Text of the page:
Johann Jacob Paul Moldenhawer
He was born in Hamburg, the son of a minister, and started out studying theology and the classics. At some unknown point he became interested in plants, and in 1791 he published Tentamen in historiam plantarum Theophrasti, on Theophrastus, and the following year he is recorded as "Extraordinary Professor of Botany and Fruit Tree Culture" (außerordentlicher Professor für Botanik und Obstbau) at the University of Kiel. He studied plant anatomy from 1795 until 1812, when he published Beyträge zur Anatomie der Pflanzen on his results. Immediately subsequently he concentrated on fruit tree culture. He died in Kiel.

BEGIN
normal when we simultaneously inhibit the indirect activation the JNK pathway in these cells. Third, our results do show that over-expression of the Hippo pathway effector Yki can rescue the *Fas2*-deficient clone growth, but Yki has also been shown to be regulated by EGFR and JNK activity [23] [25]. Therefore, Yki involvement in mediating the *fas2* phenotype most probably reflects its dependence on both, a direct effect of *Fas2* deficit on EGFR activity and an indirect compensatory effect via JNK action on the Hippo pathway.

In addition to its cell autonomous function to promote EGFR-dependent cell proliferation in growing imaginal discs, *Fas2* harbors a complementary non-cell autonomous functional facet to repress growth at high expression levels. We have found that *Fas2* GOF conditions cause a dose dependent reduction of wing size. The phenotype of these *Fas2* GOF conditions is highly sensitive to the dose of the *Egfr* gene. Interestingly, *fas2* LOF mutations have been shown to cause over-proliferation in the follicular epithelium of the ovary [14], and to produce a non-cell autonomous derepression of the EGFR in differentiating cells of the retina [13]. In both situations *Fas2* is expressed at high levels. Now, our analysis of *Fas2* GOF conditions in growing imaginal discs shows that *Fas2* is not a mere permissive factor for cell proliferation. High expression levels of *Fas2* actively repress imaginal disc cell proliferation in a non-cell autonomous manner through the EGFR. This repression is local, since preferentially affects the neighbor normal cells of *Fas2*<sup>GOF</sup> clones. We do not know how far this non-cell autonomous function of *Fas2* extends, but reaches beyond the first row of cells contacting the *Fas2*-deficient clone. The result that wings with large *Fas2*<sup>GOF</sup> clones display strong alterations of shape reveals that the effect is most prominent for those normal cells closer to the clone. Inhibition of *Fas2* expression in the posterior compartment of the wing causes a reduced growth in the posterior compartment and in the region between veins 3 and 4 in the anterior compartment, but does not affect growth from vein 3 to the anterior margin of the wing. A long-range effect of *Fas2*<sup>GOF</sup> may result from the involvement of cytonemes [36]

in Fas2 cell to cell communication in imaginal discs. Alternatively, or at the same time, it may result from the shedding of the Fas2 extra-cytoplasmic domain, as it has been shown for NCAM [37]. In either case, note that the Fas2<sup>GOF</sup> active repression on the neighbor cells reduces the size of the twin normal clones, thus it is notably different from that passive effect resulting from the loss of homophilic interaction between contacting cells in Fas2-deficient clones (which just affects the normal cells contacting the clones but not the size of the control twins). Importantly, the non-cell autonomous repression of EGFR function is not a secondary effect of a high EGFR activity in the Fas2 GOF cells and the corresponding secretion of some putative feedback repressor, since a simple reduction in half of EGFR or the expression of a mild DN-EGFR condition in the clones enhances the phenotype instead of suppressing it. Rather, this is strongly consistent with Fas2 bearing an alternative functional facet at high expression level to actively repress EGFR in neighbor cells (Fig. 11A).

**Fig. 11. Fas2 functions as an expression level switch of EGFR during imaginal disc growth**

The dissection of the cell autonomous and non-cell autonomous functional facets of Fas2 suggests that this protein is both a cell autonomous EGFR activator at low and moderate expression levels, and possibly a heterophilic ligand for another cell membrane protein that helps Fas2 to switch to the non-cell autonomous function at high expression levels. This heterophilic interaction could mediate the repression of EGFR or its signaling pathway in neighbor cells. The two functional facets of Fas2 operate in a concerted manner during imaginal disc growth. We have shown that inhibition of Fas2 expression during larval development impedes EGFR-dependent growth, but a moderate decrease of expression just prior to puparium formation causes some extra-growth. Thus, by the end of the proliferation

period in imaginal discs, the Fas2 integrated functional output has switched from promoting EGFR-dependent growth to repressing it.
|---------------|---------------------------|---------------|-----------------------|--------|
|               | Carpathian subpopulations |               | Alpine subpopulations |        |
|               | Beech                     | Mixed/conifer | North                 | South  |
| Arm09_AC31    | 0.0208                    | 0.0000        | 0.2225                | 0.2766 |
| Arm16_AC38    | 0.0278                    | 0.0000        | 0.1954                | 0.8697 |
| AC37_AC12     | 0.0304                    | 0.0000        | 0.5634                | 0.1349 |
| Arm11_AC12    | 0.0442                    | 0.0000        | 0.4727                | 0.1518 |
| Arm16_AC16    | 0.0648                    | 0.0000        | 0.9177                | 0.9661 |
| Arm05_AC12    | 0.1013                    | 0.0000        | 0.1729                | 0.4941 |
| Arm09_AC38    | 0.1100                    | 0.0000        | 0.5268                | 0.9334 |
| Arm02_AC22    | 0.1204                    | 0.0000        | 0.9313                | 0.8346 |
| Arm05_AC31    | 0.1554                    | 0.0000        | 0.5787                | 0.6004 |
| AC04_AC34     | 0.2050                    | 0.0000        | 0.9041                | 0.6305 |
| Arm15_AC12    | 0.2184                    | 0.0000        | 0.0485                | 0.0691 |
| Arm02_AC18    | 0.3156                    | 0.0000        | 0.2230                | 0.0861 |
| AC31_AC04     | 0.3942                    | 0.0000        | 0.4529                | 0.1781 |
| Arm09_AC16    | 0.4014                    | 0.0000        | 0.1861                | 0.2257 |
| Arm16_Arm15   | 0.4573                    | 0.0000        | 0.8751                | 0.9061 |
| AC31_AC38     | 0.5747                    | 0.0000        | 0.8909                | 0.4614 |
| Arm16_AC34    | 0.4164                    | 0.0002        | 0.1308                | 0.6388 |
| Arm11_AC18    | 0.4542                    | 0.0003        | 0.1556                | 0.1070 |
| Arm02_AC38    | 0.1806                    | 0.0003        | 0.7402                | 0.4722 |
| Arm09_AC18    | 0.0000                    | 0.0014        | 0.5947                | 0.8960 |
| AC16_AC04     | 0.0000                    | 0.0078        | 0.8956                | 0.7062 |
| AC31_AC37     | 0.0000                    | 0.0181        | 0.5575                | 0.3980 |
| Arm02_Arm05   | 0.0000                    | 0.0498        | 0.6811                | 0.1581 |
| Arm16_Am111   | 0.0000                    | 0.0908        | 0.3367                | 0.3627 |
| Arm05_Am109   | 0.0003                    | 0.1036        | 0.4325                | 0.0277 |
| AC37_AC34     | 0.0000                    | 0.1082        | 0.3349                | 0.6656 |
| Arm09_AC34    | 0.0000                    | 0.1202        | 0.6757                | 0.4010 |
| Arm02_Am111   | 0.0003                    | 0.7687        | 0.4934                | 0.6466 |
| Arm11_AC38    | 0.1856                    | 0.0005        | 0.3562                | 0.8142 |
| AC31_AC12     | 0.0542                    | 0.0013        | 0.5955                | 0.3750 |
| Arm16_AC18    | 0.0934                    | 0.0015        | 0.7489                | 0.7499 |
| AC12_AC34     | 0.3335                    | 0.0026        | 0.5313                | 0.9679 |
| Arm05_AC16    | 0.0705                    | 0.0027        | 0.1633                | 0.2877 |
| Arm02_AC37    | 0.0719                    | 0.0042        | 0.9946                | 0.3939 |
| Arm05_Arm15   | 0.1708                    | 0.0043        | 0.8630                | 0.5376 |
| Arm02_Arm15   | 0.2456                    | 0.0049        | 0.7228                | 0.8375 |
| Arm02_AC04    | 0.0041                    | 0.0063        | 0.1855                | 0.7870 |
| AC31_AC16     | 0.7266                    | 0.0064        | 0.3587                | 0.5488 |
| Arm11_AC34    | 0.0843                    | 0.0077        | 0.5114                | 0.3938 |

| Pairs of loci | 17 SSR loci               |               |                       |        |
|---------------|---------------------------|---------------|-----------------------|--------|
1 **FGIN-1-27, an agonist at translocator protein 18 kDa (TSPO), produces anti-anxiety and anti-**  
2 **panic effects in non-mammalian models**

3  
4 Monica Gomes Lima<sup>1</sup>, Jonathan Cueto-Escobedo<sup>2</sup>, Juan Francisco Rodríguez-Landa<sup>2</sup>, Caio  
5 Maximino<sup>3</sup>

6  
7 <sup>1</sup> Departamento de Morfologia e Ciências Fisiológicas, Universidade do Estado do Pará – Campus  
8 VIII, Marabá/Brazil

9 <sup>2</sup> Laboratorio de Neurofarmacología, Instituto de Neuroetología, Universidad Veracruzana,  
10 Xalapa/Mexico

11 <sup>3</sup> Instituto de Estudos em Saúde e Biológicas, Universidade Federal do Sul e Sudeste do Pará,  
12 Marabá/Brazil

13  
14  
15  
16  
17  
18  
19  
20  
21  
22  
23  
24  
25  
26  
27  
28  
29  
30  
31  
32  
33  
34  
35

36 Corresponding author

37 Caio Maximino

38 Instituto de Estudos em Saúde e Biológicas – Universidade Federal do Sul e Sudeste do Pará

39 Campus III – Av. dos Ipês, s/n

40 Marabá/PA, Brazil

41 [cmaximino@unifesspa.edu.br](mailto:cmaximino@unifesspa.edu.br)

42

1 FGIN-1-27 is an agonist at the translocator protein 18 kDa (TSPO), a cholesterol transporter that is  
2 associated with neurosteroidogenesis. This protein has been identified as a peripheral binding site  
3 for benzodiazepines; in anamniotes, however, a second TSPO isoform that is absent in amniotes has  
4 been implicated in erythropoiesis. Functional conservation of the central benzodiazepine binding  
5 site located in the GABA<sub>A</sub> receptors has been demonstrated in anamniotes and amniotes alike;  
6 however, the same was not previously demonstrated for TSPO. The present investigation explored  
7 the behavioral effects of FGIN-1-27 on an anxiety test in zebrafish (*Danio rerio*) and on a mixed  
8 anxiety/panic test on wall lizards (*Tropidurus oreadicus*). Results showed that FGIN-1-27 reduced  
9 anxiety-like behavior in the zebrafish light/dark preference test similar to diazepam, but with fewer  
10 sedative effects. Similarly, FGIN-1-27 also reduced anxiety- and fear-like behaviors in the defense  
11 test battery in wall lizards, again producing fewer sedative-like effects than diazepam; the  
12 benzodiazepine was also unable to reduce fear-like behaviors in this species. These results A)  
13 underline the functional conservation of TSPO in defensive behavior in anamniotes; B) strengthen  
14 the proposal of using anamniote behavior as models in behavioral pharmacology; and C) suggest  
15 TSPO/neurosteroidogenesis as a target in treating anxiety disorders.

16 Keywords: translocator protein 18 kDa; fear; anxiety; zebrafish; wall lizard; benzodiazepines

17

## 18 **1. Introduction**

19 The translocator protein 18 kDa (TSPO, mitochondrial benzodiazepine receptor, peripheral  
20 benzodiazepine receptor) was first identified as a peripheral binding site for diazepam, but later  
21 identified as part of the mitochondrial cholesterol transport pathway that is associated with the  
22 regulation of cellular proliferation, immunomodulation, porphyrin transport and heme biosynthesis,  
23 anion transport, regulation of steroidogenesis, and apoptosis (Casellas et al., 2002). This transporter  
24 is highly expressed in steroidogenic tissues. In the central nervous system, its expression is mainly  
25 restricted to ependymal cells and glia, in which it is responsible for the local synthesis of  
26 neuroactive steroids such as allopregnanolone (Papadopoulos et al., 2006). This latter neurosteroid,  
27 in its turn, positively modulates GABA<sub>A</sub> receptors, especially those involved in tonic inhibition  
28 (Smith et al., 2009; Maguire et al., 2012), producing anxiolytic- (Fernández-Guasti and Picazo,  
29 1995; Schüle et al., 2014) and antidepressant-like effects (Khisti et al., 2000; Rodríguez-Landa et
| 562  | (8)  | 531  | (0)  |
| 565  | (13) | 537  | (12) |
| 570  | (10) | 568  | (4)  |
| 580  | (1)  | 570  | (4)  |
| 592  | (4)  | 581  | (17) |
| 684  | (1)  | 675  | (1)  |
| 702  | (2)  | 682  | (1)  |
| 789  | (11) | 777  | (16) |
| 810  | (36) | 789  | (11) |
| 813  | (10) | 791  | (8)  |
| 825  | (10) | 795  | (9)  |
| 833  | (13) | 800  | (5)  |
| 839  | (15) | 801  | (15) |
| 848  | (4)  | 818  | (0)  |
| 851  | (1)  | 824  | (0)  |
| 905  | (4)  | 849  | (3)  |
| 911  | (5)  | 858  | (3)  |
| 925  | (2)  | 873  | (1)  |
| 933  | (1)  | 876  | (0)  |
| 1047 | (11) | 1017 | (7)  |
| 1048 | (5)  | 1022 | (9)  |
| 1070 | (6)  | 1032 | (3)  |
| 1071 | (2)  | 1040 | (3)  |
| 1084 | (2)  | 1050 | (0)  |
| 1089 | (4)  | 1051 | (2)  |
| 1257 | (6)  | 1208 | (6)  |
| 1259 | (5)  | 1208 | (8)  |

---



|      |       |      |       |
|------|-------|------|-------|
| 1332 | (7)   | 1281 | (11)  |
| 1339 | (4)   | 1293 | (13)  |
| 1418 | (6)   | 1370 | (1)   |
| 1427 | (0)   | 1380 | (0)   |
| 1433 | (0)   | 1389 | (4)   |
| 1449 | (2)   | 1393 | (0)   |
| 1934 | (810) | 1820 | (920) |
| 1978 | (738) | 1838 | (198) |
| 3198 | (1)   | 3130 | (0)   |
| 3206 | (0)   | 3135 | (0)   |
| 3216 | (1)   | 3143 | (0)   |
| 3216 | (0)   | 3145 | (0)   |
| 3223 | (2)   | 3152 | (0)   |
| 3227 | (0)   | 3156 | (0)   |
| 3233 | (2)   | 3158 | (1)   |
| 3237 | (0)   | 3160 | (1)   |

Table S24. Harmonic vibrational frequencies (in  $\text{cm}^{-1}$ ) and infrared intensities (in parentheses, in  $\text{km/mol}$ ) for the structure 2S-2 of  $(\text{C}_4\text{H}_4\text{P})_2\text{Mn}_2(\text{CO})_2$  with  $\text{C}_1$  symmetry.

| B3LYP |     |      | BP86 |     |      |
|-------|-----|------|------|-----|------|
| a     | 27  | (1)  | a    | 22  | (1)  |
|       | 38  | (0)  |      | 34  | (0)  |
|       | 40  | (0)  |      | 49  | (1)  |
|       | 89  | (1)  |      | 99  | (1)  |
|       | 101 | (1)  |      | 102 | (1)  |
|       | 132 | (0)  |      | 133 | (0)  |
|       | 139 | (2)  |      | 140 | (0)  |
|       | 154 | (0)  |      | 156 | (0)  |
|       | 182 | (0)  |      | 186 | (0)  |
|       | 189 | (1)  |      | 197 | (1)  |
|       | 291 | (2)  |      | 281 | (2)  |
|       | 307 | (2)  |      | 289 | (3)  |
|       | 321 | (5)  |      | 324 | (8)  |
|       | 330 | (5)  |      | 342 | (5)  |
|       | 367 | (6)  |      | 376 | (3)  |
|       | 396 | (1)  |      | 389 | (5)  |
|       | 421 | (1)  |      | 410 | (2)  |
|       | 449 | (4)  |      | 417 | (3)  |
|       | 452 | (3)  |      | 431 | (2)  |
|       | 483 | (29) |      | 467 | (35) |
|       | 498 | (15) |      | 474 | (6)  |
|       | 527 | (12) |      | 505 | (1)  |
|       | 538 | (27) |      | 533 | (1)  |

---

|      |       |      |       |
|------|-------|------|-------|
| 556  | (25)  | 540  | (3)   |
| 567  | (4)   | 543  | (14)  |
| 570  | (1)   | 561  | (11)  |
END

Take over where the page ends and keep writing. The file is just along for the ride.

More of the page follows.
Moldenhawer's contributions center on the microscopic examination of plant tissues, for which he devised techniques to separate the cells from the middle lamella layer that separates them. He identified vascular and parenchymatous tissues, described vascular bundles, observed the cells in the cambium, and interpreted tree rings. He found that stomata were composed pairs of cells, rather than a single cell with a hole. Although Moldenhawer is not credited with the cell theory, his work provided key documentation for the validity of the theory in plants.
The genus Moldenhawera is named in his honor.
- Duane Isely, One hundred and one botanists (Iowa State University Press, 1994), pp. 127–128
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